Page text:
The statement also criticized the university’s decision to grant a permit to counter-protesters, many of whom were not students, to demonstrate next to the encampment April 28. The faculty argued that, along with subjecting students to a large screen that displayed content including sexual violence, the university allowed counter-protesters to harass and intimidate students.

“As a department that centers decoloniality as a core value, we condemn the university’s failure to support our students’ right to a nonviolent protest – students who employed de-escalation tactics in the face of violent attacks,” the statement said. “They should have been kept safe while doing so.”

Department of Asian American Studies

May 3 via online press release: Nineteen faculty members of the Department of Asian American Studies signed a letter expressing outrage at UCLA’s lack of intervention April 30 and arrests of student protesters May 1, criticizing Block’s decision to disperse the encampment.

The letter supported UCLA Faculty for Justice in Palestine in demanding amnesty for protesters facing legal or disciplinary action. It also called for a vote of no confidence on Block, saying that he endangered students.

“Asian American Studies is rooted in a rich tradition of student protest against war, imperialism, racism, settler colonialism, and police violence in the United States,” the letter said. “We too are horrified and grief-stricken by the rising death toll in Gaza. We echo and uplift our students’ demands that UCLA disclose its investments and divest from the US-backed genocide against Palestinians.”

Department of Chicana/o and Central American Studies

May 3 via online press release: The Department of Chicana/o and Central American Studies released a statement signed by 15 faculty members that expressed solidarity with student protesters and echoed the protesters’ demands for divestment.

The statement said many faculty members who had visited the encampment witnessed peaceful and respectful protesting, praising students for acting based on the decolonial lessons taught at UCLA. It also explicitly condemned the events of April 30 and May 1, criticizing the actions of counter-protesters, police departments and the university.

“The university administration has gotten it wrong every time and shamefully put our students’ lives in danger,” the statement said. “As a department that exists in large part thanks to acts of civil disobedience, we feel especially strongly that the university must protect our students’ rights to free speech and peaceful protest.”

Department of Art History

May 3 via online press release: Twelve faculty members in the Department of Art History signed a letter in support of protesters and denouncing the university’s decision to arrest students participating in the encampment.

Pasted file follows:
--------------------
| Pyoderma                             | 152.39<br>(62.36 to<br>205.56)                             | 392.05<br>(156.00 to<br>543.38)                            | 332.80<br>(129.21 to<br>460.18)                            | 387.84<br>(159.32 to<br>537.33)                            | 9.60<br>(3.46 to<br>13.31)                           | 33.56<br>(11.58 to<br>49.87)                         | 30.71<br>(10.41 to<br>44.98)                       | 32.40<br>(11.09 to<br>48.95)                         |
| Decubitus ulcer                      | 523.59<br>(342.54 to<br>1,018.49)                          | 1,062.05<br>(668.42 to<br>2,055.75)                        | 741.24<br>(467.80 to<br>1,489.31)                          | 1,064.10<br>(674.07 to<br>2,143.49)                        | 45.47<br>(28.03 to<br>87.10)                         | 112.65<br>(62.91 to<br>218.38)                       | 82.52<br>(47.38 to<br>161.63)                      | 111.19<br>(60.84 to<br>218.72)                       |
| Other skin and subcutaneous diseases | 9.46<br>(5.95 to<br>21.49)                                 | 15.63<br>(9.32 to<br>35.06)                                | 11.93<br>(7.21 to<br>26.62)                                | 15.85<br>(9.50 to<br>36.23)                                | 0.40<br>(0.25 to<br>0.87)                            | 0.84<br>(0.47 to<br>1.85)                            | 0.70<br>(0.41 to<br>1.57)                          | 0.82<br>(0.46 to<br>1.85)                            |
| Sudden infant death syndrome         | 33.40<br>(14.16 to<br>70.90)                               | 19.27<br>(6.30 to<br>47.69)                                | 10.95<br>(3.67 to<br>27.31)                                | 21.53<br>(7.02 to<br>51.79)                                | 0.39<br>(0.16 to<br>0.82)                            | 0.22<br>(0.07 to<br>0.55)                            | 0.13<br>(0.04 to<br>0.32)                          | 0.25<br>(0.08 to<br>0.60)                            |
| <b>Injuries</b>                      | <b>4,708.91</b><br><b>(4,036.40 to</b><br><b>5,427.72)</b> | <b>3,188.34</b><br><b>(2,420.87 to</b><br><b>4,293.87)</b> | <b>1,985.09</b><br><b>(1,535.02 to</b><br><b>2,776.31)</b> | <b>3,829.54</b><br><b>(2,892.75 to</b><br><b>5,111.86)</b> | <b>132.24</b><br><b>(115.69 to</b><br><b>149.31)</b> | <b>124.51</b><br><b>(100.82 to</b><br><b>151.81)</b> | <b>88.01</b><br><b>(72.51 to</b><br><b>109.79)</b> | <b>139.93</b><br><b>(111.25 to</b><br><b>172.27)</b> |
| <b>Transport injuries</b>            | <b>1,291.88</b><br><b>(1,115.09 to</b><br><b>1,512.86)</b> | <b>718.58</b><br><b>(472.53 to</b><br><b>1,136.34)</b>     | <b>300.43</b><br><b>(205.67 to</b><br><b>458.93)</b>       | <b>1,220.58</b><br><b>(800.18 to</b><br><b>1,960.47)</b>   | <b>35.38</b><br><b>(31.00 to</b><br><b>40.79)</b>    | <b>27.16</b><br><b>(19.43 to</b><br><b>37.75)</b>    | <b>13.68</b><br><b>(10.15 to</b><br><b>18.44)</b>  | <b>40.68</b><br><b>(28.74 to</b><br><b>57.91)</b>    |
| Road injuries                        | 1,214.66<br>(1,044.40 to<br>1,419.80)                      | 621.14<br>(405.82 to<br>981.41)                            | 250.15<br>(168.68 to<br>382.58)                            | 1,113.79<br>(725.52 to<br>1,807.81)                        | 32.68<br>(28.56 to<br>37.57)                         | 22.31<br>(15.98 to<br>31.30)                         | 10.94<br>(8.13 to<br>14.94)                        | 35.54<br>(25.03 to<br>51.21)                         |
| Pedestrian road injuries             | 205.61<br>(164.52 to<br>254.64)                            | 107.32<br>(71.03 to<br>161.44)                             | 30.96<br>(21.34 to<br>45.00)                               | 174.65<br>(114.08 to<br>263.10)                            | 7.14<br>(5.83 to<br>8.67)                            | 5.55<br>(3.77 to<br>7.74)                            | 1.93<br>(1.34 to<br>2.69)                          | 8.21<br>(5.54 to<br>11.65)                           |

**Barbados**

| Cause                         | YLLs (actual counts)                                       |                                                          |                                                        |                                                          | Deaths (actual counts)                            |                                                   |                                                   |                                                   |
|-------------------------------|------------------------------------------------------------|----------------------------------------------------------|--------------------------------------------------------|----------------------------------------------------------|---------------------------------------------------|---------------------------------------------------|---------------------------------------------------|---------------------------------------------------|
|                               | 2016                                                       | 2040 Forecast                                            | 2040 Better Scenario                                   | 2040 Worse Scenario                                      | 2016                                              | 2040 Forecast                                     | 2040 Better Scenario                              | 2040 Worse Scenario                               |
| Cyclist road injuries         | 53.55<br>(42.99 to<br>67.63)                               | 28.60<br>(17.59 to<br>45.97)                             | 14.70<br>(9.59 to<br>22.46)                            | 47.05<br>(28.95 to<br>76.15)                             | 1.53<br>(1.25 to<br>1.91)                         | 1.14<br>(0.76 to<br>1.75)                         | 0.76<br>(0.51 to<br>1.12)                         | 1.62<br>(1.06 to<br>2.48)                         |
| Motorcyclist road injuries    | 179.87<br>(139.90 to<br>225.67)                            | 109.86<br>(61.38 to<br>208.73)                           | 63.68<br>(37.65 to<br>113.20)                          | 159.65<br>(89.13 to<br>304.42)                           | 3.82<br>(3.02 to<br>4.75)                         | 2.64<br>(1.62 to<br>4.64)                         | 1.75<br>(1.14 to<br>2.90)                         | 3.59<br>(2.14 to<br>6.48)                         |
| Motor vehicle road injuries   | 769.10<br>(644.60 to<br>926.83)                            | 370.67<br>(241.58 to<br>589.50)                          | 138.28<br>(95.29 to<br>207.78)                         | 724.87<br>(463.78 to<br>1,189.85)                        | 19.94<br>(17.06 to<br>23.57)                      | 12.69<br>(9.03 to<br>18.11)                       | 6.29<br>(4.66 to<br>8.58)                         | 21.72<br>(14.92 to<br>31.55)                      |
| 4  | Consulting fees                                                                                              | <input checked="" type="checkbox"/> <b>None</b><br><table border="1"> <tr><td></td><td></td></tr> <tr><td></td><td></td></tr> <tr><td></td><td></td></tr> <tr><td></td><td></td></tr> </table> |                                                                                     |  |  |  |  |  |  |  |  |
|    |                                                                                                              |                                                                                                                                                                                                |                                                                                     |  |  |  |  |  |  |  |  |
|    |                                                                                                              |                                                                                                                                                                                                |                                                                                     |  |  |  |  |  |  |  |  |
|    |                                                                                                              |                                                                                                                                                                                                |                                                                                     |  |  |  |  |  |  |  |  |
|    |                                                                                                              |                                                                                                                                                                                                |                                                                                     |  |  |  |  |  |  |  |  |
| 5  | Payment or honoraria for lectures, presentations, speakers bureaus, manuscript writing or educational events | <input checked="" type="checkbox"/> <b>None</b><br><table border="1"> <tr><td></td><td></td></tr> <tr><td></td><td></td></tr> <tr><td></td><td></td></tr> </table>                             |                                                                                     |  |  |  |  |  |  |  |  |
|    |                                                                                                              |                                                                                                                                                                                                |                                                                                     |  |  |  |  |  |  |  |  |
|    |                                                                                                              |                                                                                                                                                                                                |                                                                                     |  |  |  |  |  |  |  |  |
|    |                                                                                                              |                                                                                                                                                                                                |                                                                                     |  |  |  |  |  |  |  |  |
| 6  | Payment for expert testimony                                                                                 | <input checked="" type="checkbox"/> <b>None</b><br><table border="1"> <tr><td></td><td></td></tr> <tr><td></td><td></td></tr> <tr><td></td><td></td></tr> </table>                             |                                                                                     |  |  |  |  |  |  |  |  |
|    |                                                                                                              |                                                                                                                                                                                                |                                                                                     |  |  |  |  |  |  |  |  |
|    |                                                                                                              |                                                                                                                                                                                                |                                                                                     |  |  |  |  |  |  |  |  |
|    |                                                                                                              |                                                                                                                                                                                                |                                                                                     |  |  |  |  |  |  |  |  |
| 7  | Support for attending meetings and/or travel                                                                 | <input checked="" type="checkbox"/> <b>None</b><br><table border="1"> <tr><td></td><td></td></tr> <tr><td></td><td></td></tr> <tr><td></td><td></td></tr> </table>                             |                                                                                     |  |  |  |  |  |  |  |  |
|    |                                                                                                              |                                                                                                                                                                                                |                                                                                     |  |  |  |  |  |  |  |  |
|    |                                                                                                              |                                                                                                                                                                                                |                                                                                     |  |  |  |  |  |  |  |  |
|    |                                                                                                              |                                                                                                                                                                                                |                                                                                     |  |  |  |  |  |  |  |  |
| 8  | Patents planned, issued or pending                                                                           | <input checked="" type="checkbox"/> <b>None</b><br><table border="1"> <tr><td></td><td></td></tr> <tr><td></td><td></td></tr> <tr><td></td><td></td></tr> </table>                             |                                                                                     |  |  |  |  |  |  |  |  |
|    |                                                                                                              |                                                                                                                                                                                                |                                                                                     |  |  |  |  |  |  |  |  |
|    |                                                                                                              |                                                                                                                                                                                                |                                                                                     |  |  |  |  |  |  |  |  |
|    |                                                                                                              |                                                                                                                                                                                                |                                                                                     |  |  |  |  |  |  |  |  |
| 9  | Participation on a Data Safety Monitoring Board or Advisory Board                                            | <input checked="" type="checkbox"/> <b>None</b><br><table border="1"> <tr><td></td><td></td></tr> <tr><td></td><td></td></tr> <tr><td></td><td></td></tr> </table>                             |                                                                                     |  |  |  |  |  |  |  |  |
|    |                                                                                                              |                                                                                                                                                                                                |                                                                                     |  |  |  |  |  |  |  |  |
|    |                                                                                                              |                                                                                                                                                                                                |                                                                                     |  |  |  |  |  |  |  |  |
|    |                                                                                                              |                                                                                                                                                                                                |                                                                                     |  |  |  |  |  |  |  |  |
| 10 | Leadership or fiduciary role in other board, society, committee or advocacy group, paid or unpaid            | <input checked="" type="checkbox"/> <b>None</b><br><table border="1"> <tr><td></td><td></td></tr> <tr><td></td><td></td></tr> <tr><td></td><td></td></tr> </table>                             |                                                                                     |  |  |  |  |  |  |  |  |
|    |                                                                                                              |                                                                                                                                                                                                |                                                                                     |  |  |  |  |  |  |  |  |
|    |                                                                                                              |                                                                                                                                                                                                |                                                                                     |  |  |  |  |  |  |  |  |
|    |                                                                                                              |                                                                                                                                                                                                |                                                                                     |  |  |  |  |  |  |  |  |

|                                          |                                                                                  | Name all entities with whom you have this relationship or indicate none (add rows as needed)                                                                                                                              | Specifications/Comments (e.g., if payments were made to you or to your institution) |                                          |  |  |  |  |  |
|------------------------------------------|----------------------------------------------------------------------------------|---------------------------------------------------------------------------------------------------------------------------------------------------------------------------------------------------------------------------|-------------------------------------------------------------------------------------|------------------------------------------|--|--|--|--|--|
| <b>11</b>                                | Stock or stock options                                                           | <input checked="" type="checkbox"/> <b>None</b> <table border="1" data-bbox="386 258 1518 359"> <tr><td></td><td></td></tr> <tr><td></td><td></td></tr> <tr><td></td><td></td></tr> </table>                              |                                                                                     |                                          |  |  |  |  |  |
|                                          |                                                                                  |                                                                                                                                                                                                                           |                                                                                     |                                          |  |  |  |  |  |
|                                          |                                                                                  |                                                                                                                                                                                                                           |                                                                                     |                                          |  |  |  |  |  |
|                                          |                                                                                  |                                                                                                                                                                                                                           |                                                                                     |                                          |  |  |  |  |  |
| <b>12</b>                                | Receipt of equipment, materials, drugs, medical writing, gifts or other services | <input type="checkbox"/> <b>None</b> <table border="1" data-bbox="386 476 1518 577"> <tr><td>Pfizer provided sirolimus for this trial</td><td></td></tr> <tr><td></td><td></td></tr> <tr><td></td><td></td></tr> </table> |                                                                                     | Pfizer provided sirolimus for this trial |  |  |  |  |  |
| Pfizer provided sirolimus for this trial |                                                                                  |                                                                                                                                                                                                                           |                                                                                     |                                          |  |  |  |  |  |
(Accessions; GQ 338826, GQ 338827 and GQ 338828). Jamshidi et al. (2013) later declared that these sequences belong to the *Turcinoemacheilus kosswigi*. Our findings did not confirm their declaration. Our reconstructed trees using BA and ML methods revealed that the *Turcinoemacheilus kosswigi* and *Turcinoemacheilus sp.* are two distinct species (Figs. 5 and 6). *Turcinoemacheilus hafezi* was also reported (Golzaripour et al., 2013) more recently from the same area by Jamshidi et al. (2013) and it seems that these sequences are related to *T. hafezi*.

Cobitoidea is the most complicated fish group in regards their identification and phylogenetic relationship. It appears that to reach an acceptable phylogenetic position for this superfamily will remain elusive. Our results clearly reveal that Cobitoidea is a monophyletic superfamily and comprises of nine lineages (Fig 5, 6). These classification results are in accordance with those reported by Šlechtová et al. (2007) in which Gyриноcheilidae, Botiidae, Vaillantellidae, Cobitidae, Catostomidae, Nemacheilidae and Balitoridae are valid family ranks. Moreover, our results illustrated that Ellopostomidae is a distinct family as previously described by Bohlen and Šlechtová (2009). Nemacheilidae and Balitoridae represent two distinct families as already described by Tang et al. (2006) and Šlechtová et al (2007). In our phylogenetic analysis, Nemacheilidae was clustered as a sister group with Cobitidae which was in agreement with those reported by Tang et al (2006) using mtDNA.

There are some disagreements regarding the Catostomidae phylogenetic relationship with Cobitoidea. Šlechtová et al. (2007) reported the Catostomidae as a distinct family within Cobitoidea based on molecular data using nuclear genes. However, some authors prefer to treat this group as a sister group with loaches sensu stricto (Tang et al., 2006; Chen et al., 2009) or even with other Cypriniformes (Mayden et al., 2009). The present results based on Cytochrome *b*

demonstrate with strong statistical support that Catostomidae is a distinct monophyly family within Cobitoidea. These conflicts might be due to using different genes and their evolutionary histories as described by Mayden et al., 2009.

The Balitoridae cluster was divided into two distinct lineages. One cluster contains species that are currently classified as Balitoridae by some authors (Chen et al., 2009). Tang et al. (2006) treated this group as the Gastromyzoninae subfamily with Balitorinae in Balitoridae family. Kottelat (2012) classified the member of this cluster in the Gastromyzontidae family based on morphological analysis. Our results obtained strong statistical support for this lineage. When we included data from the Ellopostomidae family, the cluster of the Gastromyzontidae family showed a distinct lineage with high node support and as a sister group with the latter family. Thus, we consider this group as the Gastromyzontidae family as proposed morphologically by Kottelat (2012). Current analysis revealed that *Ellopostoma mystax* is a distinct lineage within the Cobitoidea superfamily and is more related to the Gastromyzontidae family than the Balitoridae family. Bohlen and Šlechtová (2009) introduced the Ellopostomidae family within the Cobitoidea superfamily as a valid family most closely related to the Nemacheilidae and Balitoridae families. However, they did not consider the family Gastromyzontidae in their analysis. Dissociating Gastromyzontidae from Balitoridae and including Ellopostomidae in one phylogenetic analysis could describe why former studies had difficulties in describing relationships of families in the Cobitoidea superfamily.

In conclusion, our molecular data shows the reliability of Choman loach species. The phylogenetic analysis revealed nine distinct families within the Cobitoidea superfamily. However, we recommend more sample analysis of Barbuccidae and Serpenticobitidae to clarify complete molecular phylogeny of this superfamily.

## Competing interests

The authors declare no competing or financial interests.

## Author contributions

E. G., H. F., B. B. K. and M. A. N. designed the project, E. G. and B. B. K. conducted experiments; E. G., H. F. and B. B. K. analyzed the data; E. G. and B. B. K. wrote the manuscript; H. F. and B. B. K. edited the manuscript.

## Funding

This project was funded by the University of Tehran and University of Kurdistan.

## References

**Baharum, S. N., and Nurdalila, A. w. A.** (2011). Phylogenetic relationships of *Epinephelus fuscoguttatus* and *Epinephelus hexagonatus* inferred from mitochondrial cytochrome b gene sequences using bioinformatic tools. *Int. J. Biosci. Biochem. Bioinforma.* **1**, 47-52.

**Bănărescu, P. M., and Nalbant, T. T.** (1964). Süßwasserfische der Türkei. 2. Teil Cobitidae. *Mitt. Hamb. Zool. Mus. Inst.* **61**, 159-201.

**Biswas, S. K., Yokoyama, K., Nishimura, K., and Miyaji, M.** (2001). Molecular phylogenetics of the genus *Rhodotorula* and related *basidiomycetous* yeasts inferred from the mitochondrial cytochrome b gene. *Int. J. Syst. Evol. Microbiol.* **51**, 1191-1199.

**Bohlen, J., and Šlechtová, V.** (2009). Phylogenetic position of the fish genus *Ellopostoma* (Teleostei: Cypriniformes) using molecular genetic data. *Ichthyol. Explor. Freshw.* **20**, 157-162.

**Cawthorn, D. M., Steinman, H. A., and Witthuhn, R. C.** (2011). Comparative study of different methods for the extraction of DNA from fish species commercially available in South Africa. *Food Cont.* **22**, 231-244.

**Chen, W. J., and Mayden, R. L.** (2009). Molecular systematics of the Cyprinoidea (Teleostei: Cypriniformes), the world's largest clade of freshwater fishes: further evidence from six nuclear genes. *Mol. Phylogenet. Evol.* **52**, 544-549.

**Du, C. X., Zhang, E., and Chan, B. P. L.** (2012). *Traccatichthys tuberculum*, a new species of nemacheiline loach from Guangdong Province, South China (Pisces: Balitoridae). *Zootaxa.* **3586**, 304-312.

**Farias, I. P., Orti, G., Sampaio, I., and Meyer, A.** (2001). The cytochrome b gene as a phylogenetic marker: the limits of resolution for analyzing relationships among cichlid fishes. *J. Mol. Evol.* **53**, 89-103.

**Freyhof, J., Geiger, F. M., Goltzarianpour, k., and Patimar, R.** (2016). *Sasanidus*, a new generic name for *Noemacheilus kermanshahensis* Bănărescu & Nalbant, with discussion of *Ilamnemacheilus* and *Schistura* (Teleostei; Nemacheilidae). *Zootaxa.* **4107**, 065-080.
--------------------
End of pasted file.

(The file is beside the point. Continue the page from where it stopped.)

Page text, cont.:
“In less than 24 hours, the university went from letting our students be attacked by a violent mob during the night of April 30 to May 1 to permitting a violent, armed crackdown that led to the arrest of over 200 peaceful protesters, largely UCLA students and employees,” the letter said.

The letter also demanded Block’s resignation, amnesty for arrested protesters, a commitment to allowing peaceful protest on campus and for negotiations to be opened around divestment.

UCLA Institute for Society and Genetics

May 3 via online press release: Sixteen faculty members from the UCLA Institute for Society and Genetics signed a letter condemning the university for rescinding its initial support of peaceful protesters, saying they believe this reversal led to counter-protesters targeting students April 30. The letter also denounced the police sweep and said the faculty has lost faith in the university administration after its decision to shut down the encampment.

“At every level, this appears to us an utter and complete abdication of responsibility on the part of the University administration, Chancellor Block and President Drake,” the letter said. “It has left those who were present completely devoid of trust in the institution, and those who were not present bewildered and terrified.”

The letter echoed the sentiments of other departments, laying out demands that included amnesty for students and faculty, an independent investigation of the university’s response to the encampment and the payment of injured protesters’ medical bills. It also demanded engagement with protesters on disclosure and divestment, as well as a vote of no confidence on Block.

Department of Epidemiology

May 4 via online press release: Fifteen members of the Department of Epidemiology signed a letter condemning the April 30 attack on the encampment by counter-protesters and criticizing the university’s failure to protect student protesters. The letter also said faculty members were troubled by the threats and harassment from counter-protesters, as well as the lack of medical attention administered to injured protesters after the attack. 

“In light of these troubling events, we are calling for accountability and swift action to address the lapses in ensuring the safety and well-being of our university community,” the letter said. “It is crucial that the university upholds its commitment to protecting students’ rights to peaceful protest and provides the necessary support to prevent such incidents from occurring in the future.”

The letter also reaffirmed the importance of a supportive and inclusive campus environment, emphasizing the need for safety, respect and academic freedom within the UCLA community.